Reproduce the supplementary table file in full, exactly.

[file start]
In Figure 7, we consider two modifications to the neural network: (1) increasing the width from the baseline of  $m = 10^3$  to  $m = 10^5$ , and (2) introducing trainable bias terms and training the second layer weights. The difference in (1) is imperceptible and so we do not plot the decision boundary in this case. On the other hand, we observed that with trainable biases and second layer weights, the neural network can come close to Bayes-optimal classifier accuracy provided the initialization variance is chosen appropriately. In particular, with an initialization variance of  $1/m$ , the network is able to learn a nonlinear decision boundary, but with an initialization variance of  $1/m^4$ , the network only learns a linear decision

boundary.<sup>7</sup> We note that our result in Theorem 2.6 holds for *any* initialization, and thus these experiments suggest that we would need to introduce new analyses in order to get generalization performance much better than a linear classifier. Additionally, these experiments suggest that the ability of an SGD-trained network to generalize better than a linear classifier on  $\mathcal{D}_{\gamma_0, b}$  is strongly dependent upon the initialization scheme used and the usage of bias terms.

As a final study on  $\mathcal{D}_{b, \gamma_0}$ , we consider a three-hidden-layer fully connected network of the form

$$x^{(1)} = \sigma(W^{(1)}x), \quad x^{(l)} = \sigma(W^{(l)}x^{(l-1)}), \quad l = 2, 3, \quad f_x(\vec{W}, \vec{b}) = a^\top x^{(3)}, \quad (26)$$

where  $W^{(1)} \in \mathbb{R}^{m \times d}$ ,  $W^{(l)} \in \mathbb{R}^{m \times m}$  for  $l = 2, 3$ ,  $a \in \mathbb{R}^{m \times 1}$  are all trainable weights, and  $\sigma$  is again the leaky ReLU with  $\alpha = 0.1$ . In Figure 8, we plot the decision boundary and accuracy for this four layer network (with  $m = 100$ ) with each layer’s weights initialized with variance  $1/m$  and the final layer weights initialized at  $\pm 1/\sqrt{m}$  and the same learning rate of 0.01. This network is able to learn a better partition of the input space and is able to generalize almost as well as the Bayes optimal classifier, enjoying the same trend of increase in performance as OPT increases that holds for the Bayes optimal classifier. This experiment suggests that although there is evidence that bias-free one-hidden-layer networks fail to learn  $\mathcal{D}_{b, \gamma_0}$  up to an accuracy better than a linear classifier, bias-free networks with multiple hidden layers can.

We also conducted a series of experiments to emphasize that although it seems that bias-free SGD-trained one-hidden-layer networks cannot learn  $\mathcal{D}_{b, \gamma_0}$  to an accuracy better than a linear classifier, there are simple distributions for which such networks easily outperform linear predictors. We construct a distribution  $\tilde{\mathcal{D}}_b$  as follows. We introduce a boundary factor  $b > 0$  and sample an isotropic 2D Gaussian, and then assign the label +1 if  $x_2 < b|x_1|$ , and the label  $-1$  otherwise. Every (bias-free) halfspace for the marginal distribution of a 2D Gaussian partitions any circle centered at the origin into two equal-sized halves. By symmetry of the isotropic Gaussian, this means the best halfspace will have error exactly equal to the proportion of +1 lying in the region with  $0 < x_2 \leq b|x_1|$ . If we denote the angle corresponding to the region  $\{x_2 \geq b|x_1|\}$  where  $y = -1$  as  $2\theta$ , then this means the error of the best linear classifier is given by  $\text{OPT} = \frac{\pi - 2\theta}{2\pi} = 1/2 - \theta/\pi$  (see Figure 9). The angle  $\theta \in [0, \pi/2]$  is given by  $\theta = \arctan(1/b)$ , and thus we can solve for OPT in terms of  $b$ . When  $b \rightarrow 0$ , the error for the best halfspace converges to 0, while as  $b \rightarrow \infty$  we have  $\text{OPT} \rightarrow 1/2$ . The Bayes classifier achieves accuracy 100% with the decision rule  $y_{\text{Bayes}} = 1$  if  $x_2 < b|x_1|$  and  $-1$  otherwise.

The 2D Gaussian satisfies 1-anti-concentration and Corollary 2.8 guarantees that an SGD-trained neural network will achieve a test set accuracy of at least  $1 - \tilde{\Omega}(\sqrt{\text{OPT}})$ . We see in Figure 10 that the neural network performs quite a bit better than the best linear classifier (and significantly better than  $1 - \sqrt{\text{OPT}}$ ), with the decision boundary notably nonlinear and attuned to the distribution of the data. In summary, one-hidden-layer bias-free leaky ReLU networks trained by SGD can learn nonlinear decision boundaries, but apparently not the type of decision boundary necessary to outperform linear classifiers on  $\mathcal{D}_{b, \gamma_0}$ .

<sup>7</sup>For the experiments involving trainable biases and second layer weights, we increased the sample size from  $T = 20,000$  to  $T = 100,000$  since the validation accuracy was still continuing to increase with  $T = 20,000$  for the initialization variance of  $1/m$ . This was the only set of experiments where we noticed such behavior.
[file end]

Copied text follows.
In Figure 7, we consider two modifications to the neural network: (1) increasing the width from the baseline of  $m = 10^3$  to  $m = 10^5$ , and (2) introducing trainable bias terms and training the second layer weights. The difference in (1) is imperceptible and so we do not plot the decision boundary in this case. On the other hand, we observed that with trainable biases and second layer weights, the neural network can come close to Bayes-optimal classifier accuracy provided the initialization variance is chosen appropriately. In particular, with an initialization variance of  $1/m$ , the network is able to learn a nonlinear decision boundary, but with an initialization variance of  $1/m^4$ , the network only learns a linear decision

boundary.<sup>7</sup> We note that our result in Theorem 2.6 holds for *any* initialization, and thus these experiments suggest that we would need to introduce new analyses in order to get generalization performance much better than a linear classifier. Additionally, these experiments suggest that the ability of an SGD-trained network to generalize better than a linear classifier on  $\mathcal{D}_{\gamma_0, b}$  is strongly dependent upon the initialization scheme used and the usage of bias terms.

As a final study on  $\mathcal{D}_{b, \gamma_0}$ , we consider a three-hidden-layer fully connected network of the form

$$x^{(1)} = \sigma(W^{(1)}x), \quad x^{(l)} = \sigma(W^{(l)}x^{(l-1)}), \quad l = 2, 3, \quad f_x(\vec{W}, \vec{b}) = a^\top x^{(3)}, \quad (26)$$

where  $W^{(1)} \in \mathbb{R}^{m \times d}$ ,  $W^{(l)} \in \mathbb{R}^{m \times m}$  for  $l = 2, 3$ ,  $a \in \mathbb{R}^{m \times 1}$  are all trainable weights, and  $\sigma$  is again the leaky ReLU with  $\alpha = 0.1$ . In Figure 8, we plot the decision boundary and accuracy for this four layer network (with  $m = 100$ ) with each layer’s weights initialized with variance  $1/m$  and the final layer weights initialized at  $\pm 1/\sqrt{m}$  and the same learning rate of 0.01. This network is able to learn a better partition of the input space and is able to generalize almost as well as the Bayes optimal classifier, enjoying the same trend of increase in performance as OPT increases that holds for the Bayes optimal classifier. This experiment suggests that although there is evidence that bias-free one-hidden-layer networks fail to learn  $\mathcal{D}_{b, \gamma_0}$  up to an accuracy better than a linear classifier, bias-free networks with multiple hidden layers can.

We also conducted a series of experiments to emphasize that although it seems that bias-free SGD-trained one-hidden-layer networks cannot learn  $\mathcal{D}_{b, \gamma_0}$  to an accuracy better than a linear classifier, there are simple distributions for which such networks easily outperform linear predictors. We construct a distribution  $\tilde{\mathcal{D}}_b$  as follows. We introduce a boundary factor  $b > 0$  and sample an isotropic 2D Gaussian, and then assign the label +1 if  $x_2 < b|x_1|$ , and the label  $-1$  otherwise. Every (bias-free) halfspace for the marginal distribution of a 2D Gaussian partitions any circle centered at the origin into two equal-sized halves. By symmetry of the isotropic Gaussian, this means the best halfspace will have error exactly equal to the proportion of +1 lying in the region with  $0 < x_2 \leq b|x_1|$ . If we denote the angle corresponding to the region  $\{x_2 \geq b|x_1|\}$  where  $y = -1$  as  $2\theta$ , then this means the error of the best linear classifier is given by  $\text{OPT} = \frac{\pi - 2\theta}{2\pi} = 1/2 - \theta/\pi$  (see Figure 9). The angle  $\theta \in [0, \pi/2]$  is given by  $\theta = \arctan(1/b)$ , and thus we can solve for OPT in terms of  $b$ . When  $b \rightarrow 0$ , the error for the best halfspace converges to 0, while as  $b \rightarrow \infty$  we have  $\text{OPT} \rightarrow 1/2$ . The Bayes classifier achieves accuracy 100% with the decision rule  $y_{\text{Bayes}} = 1$  if  $x_2 < b|x_1|$  and  $-1$  otherwise.

The 2D Gaussian satisfies 1-anti-concentration and Corollary 2.8 guarantees that an SGD-trained neural network will achieve a test set accuracy of at least  $1 - \tilde{\Omega}(\sqrt{\text{OPT}})$ . We see in Figure 10 that the neural network performs quite a bit better than the best linear classifier (and significantly better than  $1 - \sqrt{\text{OPT}}$ ), with the decision boundary notably nonlinear and attuned to the distribution of the data. In summary, one-hidden-layer bias-free leaky ReLU networks trained by SGD can learn nonlinear decision boundaries, but apparently not the type of decision boundary necessary to outperform linear classifiers on  $\mathcal{D}_{b, \gamma_0}$ .

<sup>7</sup>For the experiments involving trainable biases and second layer weights, we increased the sample size from  $T = 20,000$  to  $T = 100,000$  since the validation accuracy was still continuing to increase with  $T = 20,000$  for the initialization variance of  $1/m$ . This was the only set of experiments where we noticed such behavior.